- An aneurysm is an abnormal widening or ballooning in a blood vessel, usually an artery, caused by weakness in the wall of that blood vessel.
- The most common types of aneurysms are: aortic aneurysm, cerebral aneurysm and peripheral aneurysm.
- Aneurysms can sometimes be managed medically, but the definitive treatment is surgical.
Aortic aneurysm, cerebral aneurysm, peripheral aneurysm
What is an aneurysm?
An aneurysm is an abnormal widening or ballooning in a blood vessel, usually n artery, caused by weakness in the wall of that blood vessel.
The most common types of aneurysms are:
- Aortic aneurysms – there are two types of aortic aneurysms: thoracic and abdominal aorta. The more common of the two is an abdominal aorta aneurysm. An abdominal aneurysm is the localised dilation of the part of the aorta situated in the abdomen.
- Cerebral aneurysm – a cerebral aneurysm occurs in the wall of a vein or artery located in the brain. If it ruptures it can cause a stroke.
- Peripheral aneurysms – these occur in arteries other than the aorta. Common locations include the artery that runs down the back of the thigh behind the knee, the main artery in the groin area and the main artery in the neck. These are less likely to rupture but can cause blood clots. If a blood clot breaks away it can block blood flow in a part of the artery further away.
What causes it?
The most common disease associated with the formation of aneurysms is atherosclerosis, which is a vascular disease (a disease of the blood vessel). Other, much less common diseases that may lead to aneurysms are arteritis (inflammation of the arteries), syphilis and congenital connective tissue disorders such as Marfan’s syndrome. These may result in weakened areas on the blood vessel wall.
Constant high blood pressure can cause an aneurysm to form where a blood vessel wall has a weak spot.
What are the symptoms?
Most aortic aneurysms are small and do not produce any symptoms. Some aneurysms can cause a small pulsating mass near the navel. Growing aneurysms can become tender and may cause pain in the lower back or abdomen.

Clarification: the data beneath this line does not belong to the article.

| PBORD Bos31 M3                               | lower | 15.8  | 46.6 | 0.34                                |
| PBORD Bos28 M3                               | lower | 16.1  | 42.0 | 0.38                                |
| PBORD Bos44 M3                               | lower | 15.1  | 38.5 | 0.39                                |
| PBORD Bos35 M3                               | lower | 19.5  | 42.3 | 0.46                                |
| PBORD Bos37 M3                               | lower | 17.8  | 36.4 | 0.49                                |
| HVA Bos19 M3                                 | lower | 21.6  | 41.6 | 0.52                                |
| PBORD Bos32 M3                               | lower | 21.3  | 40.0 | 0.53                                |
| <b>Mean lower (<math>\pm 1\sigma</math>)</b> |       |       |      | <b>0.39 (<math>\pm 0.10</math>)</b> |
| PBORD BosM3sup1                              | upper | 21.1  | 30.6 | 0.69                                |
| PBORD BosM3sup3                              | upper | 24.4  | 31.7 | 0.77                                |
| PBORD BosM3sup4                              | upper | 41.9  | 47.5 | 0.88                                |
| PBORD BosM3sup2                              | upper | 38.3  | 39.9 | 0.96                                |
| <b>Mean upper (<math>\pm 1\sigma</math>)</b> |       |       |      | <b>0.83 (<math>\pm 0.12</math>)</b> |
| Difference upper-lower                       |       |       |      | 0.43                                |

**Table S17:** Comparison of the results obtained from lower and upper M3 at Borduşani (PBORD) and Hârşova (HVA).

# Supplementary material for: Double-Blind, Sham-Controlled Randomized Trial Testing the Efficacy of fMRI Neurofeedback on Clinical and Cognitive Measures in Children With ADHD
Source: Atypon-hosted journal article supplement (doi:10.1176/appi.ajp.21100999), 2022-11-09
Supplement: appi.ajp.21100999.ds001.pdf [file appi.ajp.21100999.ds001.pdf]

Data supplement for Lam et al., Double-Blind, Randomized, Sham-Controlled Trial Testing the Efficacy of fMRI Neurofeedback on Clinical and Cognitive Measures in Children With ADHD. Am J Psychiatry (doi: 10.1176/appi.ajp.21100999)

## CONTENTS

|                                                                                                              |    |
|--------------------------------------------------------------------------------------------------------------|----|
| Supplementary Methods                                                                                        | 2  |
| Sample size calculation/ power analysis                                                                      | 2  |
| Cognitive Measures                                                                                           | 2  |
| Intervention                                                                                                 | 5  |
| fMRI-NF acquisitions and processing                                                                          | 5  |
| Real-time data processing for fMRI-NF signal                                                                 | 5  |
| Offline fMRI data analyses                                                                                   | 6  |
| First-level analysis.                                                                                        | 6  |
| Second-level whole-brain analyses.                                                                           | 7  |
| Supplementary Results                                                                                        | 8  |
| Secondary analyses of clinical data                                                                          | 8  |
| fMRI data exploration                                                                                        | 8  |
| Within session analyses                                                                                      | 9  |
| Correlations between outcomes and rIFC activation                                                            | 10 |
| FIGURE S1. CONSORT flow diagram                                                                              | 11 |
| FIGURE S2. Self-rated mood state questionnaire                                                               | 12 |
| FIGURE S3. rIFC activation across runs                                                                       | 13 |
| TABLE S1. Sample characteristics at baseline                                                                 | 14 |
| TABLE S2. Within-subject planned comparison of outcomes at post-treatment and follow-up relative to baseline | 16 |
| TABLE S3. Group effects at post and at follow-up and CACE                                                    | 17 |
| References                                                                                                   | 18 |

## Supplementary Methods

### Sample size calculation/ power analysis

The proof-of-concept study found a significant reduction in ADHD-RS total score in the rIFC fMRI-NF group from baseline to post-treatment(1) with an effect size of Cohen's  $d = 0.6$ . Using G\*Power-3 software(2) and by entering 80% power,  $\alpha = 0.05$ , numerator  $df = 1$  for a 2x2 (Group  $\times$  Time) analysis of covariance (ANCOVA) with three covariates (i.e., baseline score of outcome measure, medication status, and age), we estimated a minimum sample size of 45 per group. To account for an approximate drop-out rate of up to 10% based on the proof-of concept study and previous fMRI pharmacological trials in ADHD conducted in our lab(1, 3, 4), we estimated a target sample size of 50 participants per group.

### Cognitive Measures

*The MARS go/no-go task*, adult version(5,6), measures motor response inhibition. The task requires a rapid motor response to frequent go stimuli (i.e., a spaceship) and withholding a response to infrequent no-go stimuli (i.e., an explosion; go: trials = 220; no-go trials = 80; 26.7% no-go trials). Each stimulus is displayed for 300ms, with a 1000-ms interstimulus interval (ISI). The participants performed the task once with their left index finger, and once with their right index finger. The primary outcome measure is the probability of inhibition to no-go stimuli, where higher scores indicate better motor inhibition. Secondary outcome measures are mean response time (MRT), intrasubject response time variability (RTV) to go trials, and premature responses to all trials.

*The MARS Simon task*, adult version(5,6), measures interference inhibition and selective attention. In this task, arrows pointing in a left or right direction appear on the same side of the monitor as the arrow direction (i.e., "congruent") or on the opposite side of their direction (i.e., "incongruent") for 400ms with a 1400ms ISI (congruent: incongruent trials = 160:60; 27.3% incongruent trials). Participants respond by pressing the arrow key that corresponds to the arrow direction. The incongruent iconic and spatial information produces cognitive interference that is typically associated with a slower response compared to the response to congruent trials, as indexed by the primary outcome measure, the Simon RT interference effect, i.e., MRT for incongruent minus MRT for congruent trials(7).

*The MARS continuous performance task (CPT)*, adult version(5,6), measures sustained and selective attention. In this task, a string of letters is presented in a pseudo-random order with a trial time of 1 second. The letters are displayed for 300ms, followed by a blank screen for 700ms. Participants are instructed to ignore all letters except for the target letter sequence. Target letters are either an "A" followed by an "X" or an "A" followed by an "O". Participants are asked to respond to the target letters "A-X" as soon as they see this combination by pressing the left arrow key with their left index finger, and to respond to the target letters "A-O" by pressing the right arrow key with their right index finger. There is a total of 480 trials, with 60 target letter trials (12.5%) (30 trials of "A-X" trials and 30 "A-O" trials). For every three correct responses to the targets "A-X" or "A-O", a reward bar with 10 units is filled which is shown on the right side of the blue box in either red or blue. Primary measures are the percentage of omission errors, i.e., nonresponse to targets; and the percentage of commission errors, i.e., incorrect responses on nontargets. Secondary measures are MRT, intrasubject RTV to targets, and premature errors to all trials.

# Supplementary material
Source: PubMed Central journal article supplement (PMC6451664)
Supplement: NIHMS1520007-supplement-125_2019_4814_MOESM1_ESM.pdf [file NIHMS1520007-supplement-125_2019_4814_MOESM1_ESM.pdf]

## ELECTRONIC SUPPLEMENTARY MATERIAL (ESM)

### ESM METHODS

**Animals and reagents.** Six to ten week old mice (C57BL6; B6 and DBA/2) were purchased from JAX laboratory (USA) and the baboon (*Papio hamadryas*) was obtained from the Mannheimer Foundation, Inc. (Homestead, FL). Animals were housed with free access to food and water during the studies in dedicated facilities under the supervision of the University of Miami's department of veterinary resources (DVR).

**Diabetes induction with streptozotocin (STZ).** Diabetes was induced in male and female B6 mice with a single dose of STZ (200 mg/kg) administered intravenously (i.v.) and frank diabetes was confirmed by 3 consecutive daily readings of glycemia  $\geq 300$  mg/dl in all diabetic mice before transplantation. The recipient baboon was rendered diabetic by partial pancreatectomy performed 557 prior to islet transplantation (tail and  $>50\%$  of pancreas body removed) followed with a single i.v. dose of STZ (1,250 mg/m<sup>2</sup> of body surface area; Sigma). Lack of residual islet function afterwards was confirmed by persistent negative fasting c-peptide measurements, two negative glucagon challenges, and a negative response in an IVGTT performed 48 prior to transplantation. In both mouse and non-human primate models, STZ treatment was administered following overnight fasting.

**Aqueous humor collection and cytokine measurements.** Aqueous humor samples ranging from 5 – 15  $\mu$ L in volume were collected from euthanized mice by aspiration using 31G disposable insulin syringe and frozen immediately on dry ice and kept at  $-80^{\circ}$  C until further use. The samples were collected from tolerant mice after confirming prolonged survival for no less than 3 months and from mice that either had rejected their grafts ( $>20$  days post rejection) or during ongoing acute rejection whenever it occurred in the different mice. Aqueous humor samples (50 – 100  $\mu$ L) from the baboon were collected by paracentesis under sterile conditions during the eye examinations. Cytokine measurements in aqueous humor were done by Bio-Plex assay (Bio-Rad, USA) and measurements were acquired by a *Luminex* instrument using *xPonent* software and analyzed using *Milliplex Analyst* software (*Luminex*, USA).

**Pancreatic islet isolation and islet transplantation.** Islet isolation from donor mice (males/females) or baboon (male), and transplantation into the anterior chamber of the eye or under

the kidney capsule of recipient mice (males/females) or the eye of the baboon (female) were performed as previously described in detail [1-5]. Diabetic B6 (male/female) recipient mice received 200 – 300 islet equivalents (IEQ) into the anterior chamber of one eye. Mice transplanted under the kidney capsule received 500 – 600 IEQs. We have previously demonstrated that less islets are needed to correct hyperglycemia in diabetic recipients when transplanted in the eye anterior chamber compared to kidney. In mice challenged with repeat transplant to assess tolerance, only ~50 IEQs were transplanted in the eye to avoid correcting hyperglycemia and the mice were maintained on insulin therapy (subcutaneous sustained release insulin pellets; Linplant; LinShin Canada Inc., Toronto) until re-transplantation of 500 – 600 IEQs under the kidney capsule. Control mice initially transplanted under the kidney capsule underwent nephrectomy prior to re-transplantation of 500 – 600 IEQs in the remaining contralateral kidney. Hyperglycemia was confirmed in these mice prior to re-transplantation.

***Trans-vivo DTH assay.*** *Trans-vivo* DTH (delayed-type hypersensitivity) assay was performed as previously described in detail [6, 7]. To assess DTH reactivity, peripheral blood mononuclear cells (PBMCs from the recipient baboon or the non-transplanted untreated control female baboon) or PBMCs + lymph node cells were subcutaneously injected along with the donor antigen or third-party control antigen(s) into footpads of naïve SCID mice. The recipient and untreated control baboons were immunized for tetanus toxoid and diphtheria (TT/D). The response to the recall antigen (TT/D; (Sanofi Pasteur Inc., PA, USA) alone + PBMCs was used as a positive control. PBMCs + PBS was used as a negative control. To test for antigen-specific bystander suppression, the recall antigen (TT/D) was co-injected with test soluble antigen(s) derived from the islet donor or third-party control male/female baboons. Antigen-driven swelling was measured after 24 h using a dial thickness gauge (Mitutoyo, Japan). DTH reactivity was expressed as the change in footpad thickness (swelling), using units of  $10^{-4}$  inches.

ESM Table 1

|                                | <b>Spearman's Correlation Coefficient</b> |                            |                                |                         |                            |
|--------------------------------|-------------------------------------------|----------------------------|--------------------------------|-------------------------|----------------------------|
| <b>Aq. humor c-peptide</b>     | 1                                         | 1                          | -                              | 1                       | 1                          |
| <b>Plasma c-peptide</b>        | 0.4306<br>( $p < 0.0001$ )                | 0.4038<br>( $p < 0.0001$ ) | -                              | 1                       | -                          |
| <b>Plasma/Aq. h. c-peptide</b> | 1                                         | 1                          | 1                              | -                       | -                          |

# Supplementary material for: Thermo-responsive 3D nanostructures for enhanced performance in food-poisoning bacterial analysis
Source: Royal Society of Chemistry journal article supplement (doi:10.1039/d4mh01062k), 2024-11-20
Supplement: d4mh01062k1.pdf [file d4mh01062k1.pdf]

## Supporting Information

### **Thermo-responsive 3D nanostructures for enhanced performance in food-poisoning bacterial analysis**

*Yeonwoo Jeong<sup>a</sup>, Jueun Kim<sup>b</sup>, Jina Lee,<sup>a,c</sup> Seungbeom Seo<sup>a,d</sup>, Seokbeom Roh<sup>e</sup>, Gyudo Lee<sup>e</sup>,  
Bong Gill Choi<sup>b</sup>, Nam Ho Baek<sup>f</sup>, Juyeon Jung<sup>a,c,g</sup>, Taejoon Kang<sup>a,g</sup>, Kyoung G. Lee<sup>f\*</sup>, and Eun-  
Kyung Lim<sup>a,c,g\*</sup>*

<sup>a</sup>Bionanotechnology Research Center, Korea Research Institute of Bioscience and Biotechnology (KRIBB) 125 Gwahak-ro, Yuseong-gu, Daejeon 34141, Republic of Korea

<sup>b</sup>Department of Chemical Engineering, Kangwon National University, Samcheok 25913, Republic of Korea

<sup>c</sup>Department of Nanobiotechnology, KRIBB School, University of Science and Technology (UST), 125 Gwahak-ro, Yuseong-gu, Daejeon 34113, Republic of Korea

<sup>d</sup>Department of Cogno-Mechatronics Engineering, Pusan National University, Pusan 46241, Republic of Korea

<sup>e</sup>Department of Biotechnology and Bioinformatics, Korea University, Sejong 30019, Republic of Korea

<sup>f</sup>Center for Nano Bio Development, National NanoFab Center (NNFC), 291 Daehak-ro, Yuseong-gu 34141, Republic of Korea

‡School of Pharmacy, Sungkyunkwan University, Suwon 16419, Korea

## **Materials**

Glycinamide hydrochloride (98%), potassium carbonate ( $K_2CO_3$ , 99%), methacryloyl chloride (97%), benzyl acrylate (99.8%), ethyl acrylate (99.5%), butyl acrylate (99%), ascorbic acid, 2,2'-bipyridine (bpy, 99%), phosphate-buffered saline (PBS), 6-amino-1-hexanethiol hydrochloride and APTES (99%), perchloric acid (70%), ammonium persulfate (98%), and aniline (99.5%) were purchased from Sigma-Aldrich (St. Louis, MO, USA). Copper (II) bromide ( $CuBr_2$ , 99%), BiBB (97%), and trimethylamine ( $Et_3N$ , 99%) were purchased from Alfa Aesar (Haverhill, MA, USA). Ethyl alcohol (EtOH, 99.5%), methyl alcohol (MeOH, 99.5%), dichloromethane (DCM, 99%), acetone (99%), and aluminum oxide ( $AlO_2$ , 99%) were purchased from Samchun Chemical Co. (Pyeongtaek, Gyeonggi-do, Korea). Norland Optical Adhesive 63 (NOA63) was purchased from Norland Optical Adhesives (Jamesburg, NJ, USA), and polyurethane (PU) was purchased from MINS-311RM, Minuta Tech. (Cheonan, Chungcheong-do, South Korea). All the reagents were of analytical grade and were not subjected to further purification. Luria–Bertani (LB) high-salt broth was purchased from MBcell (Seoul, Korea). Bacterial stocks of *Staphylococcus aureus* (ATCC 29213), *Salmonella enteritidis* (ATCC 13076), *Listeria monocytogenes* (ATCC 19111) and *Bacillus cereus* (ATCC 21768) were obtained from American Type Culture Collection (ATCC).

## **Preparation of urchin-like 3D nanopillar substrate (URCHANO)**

A large aneurysm may apply pressure on the abdominal organs surrounding it and may even cause tissue damage to these organs, which is often painful.
A cerebral aneurysm may cause the following symptoms: a droopy eyelid, sudden severe headache, intense neck stiffness, double-vision, nausea and vomiting.
Symptoms associated with peripheral aneurysms are: a throbbing lump felt in the neck, arm or leg, pain in the leg or arm, painful sores on the toes or fingers, and gangrene.
How is it diagnosed?
Since most aneurysms show no symptoms they are usually detected during a routine physical examination.
If you have an abdominal aneurysm the doctor will feel a pulsating mass in the abdomen.
Other tests used for diagnosis include: ultrasound, CT scan, chest X-ray, MRI, angiograph and an aortagram.
How is it treated?
The goal of treatment is to prevent rupture, which carries a high mortality rate.
The risk of rupture is related to the size of the aneurysm and the rate at which it grows.
Aortic aneurysms that are small (less than 5cm across), found early and cause no symptoms can be managed by ultrasound monitoring at regular six monthly intervals. Blood pressure must be kept low to avoid further stretching of the aneurysm, and smoking must stop. For aneurysms >5cm, or those growing faster than 0.5cm over six months, surgery is recommended. The most common form of surgery involves removing the diseased part of the aorta and replacing it with a synthetic graft.
For patients who are not suitable for surgery an endovascular stent can be used. This involves placing a stent inside the aorta. Blood flows through the stent and not the diseased aorta. The risk of clot formation is reduced.
Emergency treatment for patients with a ruptured cerebral aneurysm generally includes restoring deteriorating respiration and reducing intra-cranial pressure. Surgery is usually performed as soon as possible to clip the ruptured aneurysm in order to reduce the risk of re-bleeding.
Patients with a ruptured aortic aneurysm have a high mortality rate: about 50% survive long enough to reach the operating theatre, of whom 50% do not survive the emergency surgery.
In patients for whom surgery is considered too risky, microcoil thrombosis or balloon embolisation may be performed. Other treatments may include bed rest, medication or anti-hypertensive/hypovolaemic therapy.
Peripheral aneurysms seldom rupture. Treatment will depend on the symptoms present, the location and whether blood flow is blocked.
What is the prognosis?
If detected early, aneurysms can be treated successfully with medication and surgery.
When to call your doctor
- If there is a pulsating mass in your abdomen or any other part of your body
- If there are signs of atherosclerosis such as heart disease and high blood pressure
- If your experience lower back pain, especially if this is a new symptom
How can it be prevented?
- Control high blood pressure
- Control high cholesterol
- Stop smoking
- Exercise regularly
- Eat a low-fat, low cholesterol diet to prevent a build-up of plaque in the arteries